Midwinter Break by Bernard MacLaverty

Miracles come in all sizes in this intense exploration of love and uncertainty during a midwinter break in Amsterdam

Midwinter Break

‘I’m really looking forward to this,’ she said. ‘There’s some things I want to do.’ ‘Like what?’ ‘My own concerns.’

‘You’re so organised.’ Gerry put the sweets back in his pocket.

The plane’s engine note rose and it javelined down the runway, pressing them into their seats. Then the rumbling undercarriage noise stopped.

‘We’re off.’

Stella smiled and opened her eyes.

‘Have you brought a book?’

‘I’m on my holidays.’

She snuggled back in her seat.

‘I’m really looking forward to this,’ she said. ‘There’s some things I want to do.’

‘Like what?’

‘My own concerns.’

Gerry hooted as if there was something mysterious in what she’d said.

‘Me likewise.’

‘So we don’t necessarily have to do them together.’ She smiled an exaggerated smile.

‘Why didn’t we go somewhere warm?’ he said. ‘Like to a nearby hemisphere?’

‘Too much hassle.’

The plane rose and began to judder as it entered cloud. Again he put his hand on her hand.

‘How come you were in Amsterdam and I wasn’t?’

‘A conference. With teachers.’

‘When was this?’

She shrugged.

‘I think it was the eighties? Anyway I thought it would be good. To remind myself.’

‘It’s a very elaborate piece of storyboarding.’

‘How do you mean?'

‘Planning ahead. Mapping it all out. The way you want things to happen.’


‘It’s a movie term. They draw a comic first – then film it. It’s a way of setting out exactly what you want to happen.’

‘I like that word,’ said Stella.

It wasn’t a long flight. Stella did two crosswords. Both cryp-tic. One in the morning paper, the other – kept flat in her Filofax – clipped from Sunday’s paper. She had a theory about crosswords: that they would keep her mentally active in her very old age. Press-ups for the brain, she called them.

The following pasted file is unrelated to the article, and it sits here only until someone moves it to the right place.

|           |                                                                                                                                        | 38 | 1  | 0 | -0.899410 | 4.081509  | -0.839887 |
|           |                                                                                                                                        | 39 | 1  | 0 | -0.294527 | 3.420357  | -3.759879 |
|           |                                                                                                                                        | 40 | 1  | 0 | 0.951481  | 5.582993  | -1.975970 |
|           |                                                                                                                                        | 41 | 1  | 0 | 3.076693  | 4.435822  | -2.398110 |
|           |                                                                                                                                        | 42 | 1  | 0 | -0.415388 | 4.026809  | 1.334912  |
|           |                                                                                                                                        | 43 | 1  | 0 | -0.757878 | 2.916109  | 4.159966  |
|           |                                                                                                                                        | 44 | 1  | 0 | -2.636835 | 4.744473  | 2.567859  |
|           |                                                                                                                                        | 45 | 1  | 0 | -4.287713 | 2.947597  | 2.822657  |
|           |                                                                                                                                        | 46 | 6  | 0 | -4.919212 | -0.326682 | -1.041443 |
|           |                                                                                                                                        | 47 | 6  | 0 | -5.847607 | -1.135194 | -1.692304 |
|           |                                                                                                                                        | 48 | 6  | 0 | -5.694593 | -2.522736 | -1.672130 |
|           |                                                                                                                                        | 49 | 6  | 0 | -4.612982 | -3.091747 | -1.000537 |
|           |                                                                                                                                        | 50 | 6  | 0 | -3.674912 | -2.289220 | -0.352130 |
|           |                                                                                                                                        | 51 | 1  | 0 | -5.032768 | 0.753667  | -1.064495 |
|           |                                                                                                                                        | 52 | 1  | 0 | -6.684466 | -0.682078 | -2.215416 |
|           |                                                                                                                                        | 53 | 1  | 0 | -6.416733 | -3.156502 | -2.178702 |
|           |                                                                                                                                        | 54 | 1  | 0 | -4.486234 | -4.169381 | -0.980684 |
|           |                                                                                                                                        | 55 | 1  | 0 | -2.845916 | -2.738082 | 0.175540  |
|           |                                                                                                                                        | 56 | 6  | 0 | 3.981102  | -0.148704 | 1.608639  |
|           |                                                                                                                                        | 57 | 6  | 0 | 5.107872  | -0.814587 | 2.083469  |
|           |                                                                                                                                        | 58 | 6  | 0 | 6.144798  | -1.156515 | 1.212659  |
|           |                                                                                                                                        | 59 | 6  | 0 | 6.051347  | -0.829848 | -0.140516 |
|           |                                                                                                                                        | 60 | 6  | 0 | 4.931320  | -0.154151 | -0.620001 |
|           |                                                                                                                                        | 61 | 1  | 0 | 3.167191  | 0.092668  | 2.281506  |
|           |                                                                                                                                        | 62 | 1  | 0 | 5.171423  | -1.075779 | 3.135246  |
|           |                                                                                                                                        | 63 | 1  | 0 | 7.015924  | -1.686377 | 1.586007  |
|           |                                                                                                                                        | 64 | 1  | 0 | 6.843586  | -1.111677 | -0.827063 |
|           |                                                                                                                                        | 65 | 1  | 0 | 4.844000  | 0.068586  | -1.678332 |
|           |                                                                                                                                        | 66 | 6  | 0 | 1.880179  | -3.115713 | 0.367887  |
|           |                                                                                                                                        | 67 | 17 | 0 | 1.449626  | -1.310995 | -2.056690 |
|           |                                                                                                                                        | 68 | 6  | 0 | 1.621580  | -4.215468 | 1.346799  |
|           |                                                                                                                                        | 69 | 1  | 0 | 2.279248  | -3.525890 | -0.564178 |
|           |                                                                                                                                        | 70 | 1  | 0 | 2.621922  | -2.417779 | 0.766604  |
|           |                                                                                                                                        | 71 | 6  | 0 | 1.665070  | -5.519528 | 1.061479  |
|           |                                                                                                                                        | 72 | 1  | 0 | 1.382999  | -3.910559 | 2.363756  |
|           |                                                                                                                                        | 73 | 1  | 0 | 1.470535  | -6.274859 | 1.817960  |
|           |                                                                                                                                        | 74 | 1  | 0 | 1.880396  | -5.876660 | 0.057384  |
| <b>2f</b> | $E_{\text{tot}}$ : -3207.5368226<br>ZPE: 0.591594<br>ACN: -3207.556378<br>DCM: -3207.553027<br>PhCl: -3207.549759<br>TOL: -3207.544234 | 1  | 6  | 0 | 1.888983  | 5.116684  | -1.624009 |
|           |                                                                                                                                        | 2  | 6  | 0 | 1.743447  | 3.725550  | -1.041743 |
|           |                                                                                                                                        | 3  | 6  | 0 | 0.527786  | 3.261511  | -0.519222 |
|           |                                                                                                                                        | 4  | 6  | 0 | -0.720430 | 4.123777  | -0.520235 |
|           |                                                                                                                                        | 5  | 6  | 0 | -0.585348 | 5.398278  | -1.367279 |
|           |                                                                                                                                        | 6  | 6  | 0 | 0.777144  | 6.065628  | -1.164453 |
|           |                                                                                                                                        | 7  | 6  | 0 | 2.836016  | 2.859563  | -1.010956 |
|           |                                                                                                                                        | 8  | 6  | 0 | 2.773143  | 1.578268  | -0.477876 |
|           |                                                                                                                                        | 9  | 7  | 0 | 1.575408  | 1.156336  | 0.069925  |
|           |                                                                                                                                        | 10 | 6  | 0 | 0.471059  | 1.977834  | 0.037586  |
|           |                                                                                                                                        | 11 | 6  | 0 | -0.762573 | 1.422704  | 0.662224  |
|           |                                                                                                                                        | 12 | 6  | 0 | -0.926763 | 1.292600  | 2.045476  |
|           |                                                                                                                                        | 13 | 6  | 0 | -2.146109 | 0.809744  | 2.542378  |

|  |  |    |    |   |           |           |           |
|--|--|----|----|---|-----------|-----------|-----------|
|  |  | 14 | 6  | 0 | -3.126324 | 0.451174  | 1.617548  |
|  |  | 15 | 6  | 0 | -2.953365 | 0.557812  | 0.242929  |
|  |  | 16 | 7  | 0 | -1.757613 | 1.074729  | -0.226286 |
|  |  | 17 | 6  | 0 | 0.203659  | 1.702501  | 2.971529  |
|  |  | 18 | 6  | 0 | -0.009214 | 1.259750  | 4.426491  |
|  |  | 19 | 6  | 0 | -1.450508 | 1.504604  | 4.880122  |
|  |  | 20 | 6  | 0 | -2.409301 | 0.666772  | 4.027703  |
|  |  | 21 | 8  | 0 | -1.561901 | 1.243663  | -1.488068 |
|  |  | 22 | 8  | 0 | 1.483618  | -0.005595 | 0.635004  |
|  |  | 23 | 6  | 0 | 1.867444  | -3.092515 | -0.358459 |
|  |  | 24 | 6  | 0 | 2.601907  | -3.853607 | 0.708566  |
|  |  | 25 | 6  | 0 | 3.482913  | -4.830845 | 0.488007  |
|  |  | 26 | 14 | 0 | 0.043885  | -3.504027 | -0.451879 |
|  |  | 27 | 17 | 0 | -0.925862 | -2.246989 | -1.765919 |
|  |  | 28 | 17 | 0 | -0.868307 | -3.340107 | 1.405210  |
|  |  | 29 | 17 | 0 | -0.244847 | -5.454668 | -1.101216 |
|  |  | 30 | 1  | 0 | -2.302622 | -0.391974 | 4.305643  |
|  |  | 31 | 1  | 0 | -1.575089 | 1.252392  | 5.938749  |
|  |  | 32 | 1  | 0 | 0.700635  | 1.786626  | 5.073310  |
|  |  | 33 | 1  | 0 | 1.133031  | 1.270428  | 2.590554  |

The plane turned on its side and below they could see Amsterdam.

‘It was summer last time,’ said Stella. ‘We flew over tulip fields. From the air they looked like freshly opened plasticine. Rows and ridges. All primary colours.’

‘Looks very grey now.’

‘If it’s raining I wouldn’t mind a snooze when we get as far as the hotel.’

‘In the middle of the afternoon?’

‘Last night I discovered what bad sleep is.’


‘Lying awake. You and your music,’ she said.

‘You never go to bed in the afternoon at home.’

‘Away is different.’

The first smell in the airport building was of flowers. Hyacinths in January. Stella drew some euros from a hole-in-the-wall machine after checking the exchange rates. It shelled out high-denomination notes only and she tut-tutted. She gave half to Gerry and he slid them into his wallet. As they made
their way to the train station Gerry pointed at her wristbands.

‘You can take those things off now.’

‘They keep me nice and warm.’ Stella’s face was turned up to the huge noticeboard. ‘Look.’


‘Europe,’ she said. ‘Does that not do something to the hairs on the back of your neck? To be on the same piece of land? Rome, Warsaw, Berlin, Prague. Moscow, even. You could get on a train...’

‘Let’s get to Amsterdam first.’

The board changed with a roar and a flutter of individual letters and in an instant the whole board trembled and all the information leapt up a line.

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